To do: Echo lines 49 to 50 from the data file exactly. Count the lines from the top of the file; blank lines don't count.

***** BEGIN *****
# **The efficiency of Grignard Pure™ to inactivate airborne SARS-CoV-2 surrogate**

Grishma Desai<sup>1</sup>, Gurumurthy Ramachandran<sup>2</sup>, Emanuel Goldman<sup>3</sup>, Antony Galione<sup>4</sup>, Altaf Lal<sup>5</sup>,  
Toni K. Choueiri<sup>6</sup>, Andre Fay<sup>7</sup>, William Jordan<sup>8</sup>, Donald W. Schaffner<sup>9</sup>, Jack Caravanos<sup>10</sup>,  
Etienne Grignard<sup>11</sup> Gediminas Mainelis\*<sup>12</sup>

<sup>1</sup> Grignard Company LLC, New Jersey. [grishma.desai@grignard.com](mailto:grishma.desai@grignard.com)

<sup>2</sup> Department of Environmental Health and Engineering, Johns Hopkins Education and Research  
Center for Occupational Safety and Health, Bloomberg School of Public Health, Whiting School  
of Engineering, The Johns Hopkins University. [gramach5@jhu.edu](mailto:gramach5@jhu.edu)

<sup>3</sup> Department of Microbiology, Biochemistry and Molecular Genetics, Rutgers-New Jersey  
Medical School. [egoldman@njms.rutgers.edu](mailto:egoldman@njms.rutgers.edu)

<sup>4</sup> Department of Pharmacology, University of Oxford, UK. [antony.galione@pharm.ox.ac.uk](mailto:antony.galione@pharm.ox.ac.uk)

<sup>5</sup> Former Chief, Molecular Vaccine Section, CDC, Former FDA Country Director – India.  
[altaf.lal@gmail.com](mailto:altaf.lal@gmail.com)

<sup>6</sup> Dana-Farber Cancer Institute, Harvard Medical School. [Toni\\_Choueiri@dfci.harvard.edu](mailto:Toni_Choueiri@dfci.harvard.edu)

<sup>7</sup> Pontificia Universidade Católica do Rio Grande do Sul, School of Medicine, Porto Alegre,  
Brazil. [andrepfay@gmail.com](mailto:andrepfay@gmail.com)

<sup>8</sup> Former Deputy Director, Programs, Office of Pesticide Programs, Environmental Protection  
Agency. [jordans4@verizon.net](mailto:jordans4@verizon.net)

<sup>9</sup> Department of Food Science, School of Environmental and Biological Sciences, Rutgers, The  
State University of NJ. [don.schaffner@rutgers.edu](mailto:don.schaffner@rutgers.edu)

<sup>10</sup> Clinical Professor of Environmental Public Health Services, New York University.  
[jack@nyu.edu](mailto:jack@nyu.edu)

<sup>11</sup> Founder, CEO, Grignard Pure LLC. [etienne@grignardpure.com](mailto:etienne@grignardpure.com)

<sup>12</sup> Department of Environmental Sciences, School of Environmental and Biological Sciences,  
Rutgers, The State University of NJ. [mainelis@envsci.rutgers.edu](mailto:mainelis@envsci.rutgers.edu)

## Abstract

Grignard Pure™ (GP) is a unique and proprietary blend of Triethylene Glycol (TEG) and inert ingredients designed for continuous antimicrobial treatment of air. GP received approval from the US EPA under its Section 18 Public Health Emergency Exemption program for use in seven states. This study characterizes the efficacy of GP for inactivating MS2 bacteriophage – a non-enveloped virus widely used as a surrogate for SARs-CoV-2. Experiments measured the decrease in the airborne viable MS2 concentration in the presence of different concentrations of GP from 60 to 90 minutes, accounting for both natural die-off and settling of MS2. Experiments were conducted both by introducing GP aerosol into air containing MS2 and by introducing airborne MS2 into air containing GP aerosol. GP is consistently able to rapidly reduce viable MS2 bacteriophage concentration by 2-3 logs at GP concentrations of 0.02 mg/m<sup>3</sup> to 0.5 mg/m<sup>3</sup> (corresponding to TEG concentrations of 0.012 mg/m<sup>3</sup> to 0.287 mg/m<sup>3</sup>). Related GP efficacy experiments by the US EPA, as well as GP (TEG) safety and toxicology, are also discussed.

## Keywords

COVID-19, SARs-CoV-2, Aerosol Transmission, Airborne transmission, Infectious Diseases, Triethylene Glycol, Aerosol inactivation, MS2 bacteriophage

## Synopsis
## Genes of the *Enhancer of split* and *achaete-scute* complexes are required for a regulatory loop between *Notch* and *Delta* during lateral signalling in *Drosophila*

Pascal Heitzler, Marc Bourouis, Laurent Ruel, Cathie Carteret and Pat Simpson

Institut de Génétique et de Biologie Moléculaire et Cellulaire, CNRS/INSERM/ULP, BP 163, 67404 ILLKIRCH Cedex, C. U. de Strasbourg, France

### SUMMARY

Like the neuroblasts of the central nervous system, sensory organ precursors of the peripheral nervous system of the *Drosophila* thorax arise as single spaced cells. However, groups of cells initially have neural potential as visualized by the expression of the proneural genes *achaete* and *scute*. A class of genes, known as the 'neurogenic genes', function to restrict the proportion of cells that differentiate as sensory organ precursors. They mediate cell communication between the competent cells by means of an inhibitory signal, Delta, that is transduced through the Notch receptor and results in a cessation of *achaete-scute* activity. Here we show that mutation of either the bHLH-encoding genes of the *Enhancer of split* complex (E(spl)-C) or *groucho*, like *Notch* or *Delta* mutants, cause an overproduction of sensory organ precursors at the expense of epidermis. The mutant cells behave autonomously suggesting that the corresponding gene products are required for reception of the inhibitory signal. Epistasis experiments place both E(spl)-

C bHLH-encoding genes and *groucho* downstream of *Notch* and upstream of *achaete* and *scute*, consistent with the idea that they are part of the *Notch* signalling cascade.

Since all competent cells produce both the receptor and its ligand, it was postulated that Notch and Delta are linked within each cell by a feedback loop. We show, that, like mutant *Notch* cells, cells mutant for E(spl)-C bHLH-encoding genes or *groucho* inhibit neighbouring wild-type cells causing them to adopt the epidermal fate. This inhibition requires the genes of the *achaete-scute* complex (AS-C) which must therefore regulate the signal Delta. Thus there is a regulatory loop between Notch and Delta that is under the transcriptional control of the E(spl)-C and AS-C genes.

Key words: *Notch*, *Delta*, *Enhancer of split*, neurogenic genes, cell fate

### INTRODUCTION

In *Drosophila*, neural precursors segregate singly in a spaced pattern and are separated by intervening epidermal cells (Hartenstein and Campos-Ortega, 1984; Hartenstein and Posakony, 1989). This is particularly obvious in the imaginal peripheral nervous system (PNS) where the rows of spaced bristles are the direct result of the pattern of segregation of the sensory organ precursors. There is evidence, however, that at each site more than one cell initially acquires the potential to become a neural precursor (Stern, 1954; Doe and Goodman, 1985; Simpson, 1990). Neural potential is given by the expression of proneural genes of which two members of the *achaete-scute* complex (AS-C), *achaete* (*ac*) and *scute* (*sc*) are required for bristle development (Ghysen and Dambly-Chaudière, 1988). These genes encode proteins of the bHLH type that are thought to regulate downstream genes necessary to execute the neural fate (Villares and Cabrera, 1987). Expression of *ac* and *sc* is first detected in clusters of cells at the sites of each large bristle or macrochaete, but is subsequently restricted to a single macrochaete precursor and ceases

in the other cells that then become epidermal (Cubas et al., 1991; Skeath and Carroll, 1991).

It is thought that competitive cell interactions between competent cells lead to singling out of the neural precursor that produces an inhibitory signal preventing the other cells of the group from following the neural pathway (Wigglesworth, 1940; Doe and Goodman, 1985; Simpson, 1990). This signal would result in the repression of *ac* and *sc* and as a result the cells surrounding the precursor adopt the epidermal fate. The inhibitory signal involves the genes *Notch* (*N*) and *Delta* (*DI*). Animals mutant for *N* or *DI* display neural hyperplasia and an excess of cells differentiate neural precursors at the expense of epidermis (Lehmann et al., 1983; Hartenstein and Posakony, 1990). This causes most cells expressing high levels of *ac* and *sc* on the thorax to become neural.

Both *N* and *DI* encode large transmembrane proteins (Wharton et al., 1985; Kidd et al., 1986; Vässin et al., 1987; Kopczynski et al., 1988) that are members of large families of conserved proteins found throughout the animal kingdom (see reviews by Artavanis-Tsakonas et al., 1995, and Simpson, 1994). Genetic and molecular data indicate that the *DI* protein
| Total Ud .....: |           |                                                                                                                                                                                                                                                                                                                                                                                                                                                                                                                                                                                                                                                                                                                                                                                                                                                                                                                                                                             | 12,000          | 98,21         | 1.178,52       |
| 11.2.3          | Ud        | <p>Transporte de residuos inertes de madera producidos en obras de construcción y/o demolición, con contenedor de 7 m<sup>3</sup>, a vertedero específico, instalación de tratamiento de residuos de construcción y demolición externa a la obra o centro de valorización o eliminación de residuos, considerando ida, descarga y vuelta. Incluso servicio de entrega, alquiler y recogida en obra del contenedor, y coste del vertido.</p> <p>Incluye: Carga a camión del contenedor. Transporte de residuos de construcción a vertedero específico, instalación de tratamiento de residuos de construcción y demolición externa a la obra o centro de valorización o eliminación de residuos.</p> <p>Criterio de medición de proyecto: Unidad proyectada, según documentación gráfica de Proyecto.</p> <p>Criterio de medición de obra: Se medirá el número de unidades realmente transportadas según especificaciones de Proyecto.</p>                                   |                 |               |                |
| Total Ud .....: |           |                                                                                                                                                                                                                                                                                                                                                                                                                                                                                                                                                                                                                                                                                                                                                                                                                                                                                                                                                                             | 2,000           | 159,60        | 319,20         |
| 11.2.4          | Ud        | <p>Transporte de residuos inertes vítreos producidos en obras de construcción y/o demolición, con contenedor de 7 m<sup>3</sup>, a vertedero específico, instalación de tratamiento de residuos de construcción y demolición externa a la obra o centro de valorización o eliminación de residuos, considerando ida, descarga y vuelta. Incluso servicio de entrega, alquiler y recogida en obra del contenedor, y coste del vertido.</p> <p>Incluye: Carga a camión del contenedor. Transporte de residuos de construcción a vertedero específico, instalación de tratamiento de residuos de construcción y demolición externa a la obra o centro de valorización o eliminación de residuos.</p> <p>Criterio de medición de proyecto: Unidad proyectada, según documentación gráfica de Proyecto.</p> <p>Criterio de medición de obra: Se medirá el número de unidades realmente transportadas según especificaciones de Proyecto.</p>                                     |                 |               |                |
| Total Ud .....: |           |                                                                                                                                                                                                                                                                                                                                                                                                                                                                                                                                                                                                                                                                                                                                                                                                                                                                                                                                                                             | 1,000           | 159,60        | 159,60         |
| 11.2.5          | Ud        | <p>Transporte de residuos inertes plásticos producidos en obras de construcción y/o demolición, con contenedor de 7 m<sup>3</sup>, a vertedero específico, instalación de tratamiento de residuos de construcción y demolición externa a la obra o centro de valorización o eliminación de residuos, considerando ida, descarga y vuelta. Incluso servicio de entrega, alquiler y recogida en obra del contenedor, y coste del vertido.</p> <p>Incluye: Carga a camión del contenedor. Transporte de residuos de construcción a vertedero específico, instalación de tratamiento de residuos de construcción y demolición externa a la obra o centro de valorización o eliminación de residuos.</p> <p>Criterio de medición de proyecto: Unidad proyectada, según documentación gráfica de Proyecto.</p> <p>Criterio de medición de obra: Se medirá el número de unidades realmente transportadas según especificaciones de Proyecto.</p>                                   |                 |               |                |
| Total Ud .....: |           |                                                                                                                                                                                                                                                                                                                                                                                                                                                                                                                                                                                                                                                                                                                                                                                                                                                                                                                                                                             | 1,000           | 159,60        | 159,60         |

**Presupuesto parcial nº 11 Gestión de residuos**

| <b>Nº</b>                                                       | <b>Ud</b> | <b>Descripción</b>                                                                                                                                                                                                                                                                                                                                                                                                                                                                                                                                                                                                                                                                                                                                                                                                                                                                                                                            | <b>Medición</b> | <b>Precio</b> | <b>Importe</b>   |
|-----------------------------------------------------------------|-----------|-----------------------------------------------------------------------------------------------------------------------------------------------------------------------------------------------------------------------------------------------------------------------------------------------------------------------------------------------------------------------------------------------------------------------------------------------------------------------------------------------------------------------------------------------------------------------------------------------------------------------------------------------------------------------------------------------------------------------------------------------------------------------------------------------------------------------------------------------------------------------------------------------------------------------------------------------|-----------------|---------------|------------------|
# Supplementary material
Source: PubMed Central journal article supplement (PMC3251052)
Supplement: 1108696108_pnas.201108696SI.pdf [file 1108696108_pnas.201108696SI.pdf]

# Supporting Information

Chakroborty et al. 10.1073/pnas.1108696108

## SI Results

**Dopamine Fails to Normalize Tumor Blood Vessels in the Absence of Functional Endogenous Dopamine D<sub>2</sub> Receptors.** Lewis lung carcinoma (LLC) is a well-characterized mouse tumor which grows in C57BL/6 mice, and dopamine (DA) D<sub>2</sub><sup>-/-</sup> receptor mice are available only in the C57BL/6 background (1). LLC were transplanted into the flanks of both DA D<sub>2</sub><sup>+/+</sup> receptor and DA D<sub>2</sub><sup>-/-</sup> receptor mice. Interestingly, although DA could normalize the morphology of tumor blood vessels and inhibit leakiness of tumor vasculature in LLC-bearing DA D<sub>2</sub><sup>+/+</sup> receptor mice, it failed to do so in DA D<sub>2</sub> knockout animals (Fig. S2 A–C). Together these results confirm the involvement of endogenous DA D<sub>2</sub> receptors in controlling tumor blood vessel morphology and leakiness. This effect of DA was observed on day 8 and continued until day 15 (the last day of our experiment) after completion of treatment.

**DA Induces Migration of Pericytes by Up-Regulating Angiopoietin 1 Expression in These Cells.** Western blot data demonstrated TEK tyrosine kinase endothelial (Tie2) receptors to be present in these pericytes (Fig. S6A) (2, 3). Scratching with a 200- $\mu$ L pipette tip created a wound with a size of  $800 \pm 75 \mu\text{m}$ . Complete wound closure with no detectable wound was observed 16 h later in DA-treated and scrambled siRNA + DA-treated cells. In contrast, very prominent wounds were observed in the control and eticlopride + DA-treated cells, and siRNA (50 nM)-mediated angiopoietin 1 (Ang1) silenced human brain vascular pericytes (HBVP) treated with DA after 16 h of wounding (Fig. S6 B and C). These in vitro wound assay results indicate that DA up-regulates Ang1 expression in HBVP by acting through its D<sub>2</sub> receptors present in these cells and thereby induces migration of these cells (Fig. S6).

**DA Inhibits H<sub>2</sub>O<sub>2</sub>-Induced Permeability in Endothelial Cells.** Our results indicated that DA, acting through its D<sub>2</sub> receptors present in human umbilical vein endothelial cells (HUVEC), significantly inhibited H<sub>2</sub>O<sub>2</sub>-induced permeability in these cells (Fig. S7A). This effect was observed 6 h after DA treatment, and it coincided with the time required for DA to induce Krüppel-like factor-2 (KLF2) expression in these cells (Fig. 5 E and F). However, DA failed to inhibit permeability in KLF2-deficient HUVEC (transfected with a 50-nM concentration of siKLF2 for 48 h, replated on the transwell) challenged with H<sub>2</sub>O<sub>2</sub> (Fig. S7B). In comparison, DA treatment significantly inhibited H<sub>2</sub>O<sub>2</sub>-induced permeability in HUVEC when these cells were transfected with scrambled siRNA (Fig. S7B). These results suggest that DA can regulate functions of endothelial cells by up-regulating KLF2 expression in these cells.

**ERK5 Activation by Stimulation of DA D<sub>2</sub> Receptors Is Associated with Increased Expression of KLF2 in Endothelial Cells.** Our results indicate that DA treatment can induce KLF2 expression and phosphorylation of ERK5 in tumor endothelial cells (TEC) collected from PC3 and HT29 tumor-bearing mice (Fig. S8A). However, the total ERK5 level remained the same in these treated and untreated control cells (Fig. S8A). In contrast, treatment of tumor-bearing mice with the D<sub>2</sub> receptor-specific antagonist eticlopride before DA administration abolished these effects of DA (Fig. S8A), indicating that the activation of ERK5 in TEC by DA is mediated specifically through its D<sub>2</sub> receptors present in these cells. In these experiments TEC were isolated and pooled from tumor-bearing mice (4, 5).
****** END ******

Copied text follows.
| 11.2.5          | Ud        | <p>Transporte de residuos inertes plásticos producidos en obras de construcción y/o demolición, con contenedor de 7 m<sup>3</sup>, a vertedero específico, instalación de tratamiento de residuos de construcción y demolición externa a la obra o centro de valorización o eliminación de residuos, considerando ida, descarga y vuelta. Incluso servicio de entrega, alquiler y recogida en obra del contenedor, y coste del vertido.</p> <p>Incluye: Carga a camión del contenedor. Transporte de residuos de construcción a vertedero específico, instalación de tratamiento de residuos de construcción y demolición externa a la obra o centro de valorización o eliminación de residuos.</p> <p>Criterio de medición de proyecto: Unidad proyectada, según documentación gráfica de Proyecto.</p> <p>Criterio de medición de obra: Se medirá el número de unidades realmente transportadas según especificaciones de Proyecto.</p>                                   |                 |               |                |
| Total Ud .....: |           |                                                                                                                                                                                                                                                                                                                                                                                                                                                                                                                                                                                                                                                                                                                                                                                                                                                                                                                                                                             | 1,000           | 159,60        | 159,60         |